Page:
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NASA’s Kepler Astronomer Geoff Marcy Discusses Latest Exoplanet Discoveries

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Astronomers associated with NASA’s Kepler observatory have announced the discovery of more than 1,200 new candidate exoplanets. Michael Shara, a curator in the Museum’s Department of Astrophysics, writes about the significance of the findings below.

Does life exist anywhere in the universe except on Earth?  “Star Trek” may have convinced much of the public that the universe is teeming with technological civilizations, but the correct answer is: We don’t know for certain if life–even bacterial life — exists anywhere except on Earth.  A critical challenge in answering this question is determining whether planets — especially Earth-like planets — orbit other stars.

The search for Earth-like planets has just taken a giant leap forward, thanks in part to the tireless work of the dozens of astronomers associated with NASA’s Kepler observatory.  Their quest to find exoplanets — planets orbiting stars other than our Sun — has been a stunning success.  It is now certain that planets are as common stars.

Fifteen years ago the University of California, Berkeley’s Geoff Marcy and a handful of colleagues began an almost quixotic quest for exoplanets.  Dozens, and then hundreds of astronomers joined the quest after Geneva’s Michel Mayor, Marcy, and their colleagues began reporting the first discoveries.  Herculean efforts led to the cataloguing of 500 exoplanets by the end of 2010.  Now the Kepler team has announced the discovery of more than 1,200 new candidate exoplanets, and enough details about each of these new worlds to begin to draw far-reaching conclusions about abodes for life in the universe.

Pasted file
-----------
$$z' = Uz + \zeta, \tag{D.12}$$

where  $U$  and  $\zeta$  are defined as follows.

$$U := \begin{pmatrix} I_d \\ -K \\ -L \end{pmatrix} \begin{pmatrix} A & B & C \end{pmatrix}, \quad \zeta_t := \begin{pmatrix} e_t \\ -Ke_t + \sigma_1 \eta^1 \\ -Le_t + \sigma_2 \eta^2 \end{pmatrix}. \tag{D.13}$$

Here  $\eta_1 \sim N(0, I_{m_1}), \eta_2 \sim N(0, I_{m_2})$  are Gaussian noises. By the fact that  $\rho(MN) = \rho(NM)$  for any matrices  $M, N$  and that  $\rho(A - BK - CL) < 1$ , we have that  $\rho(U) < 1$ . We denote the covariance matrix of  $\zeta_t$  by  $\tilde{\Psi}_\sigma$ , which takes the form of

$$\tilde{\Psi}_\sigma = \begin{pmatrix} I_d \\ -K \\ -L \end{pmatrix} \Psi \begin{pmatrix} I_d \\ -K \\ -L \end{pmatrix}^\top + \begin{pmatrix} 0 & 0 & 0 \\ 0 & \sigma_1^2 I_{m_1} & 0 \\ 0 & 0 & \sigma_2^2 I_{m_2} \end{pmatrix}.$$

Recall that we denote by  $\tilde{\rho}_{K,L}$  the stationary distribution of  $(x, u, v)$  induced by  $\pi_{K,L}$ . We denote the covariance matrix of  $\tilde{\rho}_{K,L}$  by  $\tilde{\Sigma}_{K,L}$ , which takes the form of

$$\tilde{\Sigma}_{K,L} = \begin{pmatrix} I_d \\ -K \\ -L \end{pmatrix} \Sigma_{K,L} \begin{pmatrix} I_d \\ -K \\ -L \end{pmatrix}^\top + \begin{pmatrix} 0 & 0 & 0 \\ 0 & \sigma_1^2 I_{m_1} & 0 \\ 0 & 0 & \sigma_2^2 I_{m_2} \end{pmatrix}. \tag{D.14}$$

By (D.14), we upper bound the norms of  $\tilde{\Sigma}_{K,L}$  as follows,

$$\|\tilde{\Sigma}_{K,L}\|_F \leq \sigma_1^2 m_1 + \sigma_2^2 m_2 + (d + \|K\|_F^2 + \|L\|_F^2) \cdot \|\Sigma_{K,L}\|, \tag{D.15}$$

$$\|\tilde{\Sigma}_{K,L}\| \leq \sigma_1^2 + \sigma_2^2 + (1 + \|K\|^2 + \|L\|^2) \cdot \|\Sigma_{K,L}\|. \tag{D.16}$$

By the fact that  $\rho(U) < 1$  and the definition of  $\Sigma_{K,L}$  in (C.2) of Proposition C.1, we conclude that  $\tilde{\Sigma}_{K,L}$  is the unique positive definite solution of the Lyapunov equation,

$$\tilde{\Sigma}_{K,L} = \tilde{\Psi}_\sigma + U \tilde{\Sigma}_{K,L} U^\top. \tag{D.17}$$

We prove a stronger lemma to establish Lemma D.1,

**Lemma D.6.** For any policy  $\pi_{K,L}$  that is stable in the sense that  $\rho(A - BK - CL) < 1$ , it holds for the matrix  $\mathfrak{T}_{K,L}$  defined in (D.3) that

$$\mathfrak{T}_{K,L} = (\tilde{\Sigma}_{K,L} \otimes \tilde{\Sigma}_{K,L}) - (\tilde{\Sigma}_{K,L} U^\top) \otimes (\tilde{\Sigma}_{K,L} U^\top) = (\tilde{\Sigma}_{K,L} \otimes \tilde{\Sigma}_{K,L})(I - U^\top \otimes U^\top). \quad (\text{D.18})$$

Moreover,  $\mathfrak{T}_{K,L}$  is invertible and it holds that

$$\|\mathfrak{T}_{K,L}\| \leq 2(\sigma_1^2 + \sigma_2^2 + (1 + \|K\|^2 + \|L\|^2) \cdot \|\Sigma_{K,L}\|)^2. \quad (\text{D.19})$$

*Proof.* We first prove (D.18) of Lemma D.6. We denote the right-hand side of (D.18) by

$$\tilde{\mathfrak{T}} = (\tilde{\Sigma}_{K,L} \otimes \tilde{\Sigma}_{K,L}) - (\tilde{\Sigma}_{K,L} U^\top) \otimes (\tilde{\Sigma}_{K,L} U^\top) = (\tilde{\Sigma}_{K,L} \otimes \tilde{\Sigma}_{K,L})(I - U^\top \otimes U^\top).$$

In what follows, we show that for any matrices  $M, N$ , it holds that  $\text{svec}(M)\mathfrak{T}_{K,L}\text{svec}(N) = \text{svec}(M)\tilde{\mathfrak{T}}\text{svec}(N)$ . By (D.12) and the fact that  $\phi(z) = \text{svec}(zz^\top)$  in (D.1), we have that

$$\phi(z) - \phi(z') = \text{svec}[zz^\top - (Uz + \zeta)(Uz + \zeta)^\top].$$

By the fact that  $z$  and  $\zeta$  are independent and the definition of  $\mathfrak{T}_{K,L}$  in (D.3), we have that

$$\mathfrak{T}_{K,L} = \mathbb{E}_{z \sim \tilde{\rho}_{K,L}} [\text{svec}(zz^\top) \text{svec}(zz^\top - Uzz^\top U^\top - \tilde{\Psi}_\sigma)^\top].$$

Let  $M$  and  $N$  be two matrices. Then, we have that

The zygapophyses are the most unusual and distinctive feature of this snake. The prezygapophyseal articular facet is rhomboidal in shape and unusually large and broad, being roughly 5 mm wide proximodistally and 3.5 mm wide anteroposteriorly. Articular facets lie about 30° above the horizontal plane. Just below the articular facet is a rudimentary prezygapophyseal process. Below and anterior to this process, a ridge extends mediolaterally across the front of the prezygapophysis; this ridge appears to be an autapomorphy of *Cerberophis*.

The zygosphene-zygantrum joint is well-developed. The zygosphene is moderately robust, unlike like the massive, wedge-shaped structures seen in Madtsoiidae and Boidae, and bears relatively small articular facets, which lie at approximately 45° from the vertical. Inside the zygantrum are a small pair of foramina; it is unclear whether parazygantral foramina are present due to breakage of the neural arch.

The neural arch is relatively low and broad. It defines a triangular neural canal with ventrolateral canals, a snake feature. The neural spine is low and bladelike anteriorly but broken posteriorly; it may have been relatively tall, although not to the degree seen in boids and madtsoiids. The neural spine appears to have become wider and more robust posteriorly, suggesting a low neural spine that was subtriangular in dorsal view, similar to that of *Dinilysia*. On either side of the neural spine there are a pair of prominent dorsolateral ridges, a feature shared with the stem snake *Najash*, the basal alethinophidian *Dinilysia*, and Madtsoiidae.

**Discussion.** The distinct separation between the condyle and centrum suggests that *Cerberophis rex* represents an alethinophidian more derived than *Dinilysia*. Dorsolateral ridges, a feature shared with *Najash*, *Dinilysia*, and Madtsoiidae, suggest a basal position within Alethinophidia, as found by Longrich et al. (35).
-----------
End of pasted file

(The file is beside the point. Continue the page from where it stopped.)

Even more remarkable is that 58 planetary candidates were found to be approximately Earth-sized and falling in a temperature range where water can be liquid on a planet’s surface.

“In one dramatic announcement, astronomers have just tripled the number of known planets in the universe,” Marcy said.  “More impressive is that over half of them, 663, are smaller than four times the diameter of Earth.  These numerous worlds of nearly- Earth size bode well for the prospects of finding habitable, Earth-like planets some day.

Only two million years ago, we Homo sapiens climbed down from the trees to traipse across the East African Savannah.  Only about 100,000 years ago we ventured out of Africa, destined to explore the entire globe.  Now we are reaching out to new worlds, actual new worlds, where we hope to learn if our home Earth is common or rare in the universe.  Every child within us would love to know how commonly other planets spawn life, and how often that life evolves toward intelligent, communicative critters with the dexterity to build their own vessels of exploration.  With Kepler’s discovery of hundreds of nearly Earth-sized worlds, we humans are taking our first steps toward finding our kindred spirits among the stars.”

Read the complete Kepler Mission findings by clicking here.

We recently sat down with Geoff Marcy at the 217th American Astronomical Society meeting in Seattle, Washington, and discussed exoplanets, their host stars and how the Kepler Mission is searching for Earth-like planets and signs of life in the universe.  Watch below:


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